A Massachusetts baby sitter accused of kidnapping a 2-year-old girl who was found naked with her head shaved on the side of the road is hallucinating, according to a court psychologist.
Abigail Hanna faces charges including kidnapping, assault and battery on a child. She was arraigned Monday in Newburyport District Court, where a psychologist testified that the 21-year-old Topsfield resident has also expressed suicidal thoughts.
Hanna's attorney entered a not-guilty plea on her behalf. A judge held Hanna without bail and sent her for a 21-day competency evaluation.
Authorities said Hanna used to baby-sit for 2-year-old Lindon Albers and kidnapped the girl early Friday morning after breaking into her home. The toddler was found hours later and seven miles away, sitting naked by the side of the road with her head shaved. She was taken to the hospital but has since been released.
A psychologist who evaluated Hanna said the baby sitter is experiencing "multiple psychotic symptoms," adding that Hanna is "not competent" and does not have a "factual understanding of the charges" against her.
According to a search warrant for Hanna's home, the 21-year-old babysat only once for Lindon's family before she was terminated.
A woman who lives with the Hanna family told investigators she was worried about Hanna, who "had a history of stealing things" and had suffered a miscarriage one month prior to the incident, according to the search warrant.
The tenant told investigators she would see Hanna leaving around 1:30 a.m. every other night and returning around 4:30 a.m., the warrant states. It's not clear where Hanna was, but she allegedly told investigators she knew the toddler's parents left their doors unlocked.
According to the paperwork, Lindon's mother heard her daughter over the baby monitor just before 5 a.m. the night she vanished. Then, at 6:30 a.m., both parents found their daughter missing and the rear door open. They immediately called police.
The affidavit alleges Hanna lied to investigators multiple times about her whereabouts when Lindon disappeared, then attempted to leave home with several bags, but was stopped. Investigators said they found toddler's clothing in one bag, and a washed but still muddy pink jacket.
Hanna said nothing in court Monday, looking down and away from the judge, who ordered Hanna to undergo a competency evaluation at the Worcester Recovery Center. Hanna will return to court Dec. 11 with the results of that evaluation.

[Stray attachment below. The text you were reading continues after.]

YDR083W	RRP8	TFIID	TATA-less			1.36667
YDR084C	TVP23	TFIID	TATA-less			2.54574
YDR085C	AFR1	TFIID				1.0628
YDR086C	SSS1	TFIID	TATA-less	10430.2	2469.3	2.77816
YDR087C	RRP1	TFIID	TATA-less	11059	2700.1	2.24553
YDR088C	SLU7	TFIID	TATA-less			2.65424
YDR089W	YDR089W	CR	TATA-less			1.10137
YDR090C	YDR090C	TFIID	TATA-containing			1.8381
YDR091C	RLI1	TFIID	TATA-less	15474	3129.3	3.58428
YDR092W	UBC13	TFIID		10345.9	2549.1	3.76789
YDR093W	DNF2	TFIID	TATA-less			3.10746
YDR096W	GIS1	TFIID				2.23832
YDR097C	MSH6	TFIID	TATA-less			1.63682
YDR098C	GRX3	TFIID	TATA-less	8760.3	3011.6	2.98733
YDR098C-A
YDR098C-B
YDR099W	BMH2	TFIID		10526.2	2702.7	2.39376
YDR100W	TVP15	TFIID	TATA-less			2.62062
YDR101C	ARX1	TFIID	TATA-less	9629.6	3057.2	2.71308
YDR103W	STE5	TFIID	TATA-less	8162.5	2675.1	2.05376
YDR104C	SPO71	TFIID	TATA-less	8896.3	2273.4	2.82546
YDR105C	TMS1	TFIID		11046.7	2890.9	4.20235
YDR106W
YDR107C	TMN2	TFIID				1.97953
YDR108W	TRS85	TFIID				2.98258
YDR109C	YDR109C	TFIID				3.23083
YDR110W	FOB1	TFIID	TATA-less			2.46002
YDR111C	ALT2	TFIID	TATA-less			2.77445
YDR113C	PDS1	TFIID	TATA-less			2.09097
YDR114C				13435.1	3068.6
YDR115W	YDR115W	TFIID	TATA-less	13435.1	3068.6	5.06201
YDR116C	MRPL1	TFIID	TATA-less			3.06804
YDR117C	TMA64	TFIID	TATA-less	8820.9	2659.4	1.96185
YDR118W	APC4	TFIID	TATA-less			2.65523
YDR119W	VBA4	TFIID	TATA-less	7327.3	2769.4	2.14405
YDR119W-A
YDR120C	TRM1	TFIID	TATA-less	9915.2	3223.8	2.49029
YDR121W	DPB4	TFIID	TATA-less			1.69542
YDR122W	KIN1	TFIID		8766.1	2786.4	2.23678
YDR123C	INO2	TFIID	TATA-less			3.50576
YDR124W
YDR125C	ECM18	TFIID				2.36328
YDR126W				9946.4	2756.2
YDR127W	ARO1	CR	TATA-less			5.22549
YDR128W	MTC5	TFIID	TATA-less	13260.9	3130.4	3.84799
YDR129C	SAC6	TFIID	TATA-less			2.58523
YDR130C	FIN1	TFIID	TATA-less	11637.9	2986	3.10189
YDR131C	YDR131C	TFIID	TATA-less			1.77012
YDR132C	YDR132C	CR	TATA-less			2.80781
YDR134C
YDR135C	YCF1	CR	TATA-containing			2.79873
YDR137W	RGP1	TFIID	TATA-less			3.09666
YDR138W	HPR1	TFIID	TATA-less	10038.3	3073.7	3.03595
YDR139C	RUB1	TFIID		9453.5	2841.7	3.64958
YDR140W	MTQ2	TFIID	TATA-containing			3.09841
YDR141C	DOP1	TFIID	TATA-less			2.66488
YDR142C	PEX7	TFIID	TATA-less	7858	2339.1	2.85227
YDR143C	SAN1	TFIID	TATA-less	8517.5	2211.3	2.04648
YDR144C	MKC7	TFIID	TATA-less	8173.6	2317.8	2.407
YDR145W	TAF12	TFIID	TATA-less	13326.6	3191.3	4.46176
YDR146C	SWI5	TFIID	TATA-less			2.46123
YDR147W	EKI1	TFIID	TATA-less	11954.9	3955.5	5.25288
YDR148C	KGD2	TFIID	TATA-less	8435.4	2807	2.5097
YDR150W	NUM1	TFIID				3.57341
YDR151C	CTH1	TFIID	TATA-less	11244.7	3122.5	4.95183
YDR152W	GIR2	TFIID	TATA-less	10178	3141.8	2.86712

Her lawyer, Susan H. McNeil, issued a statement after Monday's court appearance saying Hanna is addressing "serious and potentially life-threatening issues" that have compromised her overall mental health.
"We are in the early stages of the process of trying to determine the facts of what occurred over the past several days," McNeil said. "We have entered a plea of Not Guilty to further the process."
Hanna's family released a statement Monday asking for privacy and offering support to the toddler's family.
"We are so thankful that Lyndon is improving and wish her and her family complete hearing in every way. Our thoughts and prayers are with them. We also will continue to care for Abi, whom we love very much. We ask that everyone respect the privacy of both families in this very difficult time," the statement said.
Lindon's family also issued a statement ahead of Hanna's court appearance Monday:
"We have suffered a horrific ordeal. We are grateful to have our daughter back. We are extremely thankful for the incredible efforts to rescue our daughter by the Police and all emergency responders. We are extremely grateful to the kind couple who found our daughter.
"We are extremely thankful for having the best family, friends and community supporting us through this difficult time. We are asking for privacy out of respect for the young ages of our children, and out of an understanding that as parents we need to be able to restore a sense of calm, comfort, and normalcy for the well being of our children."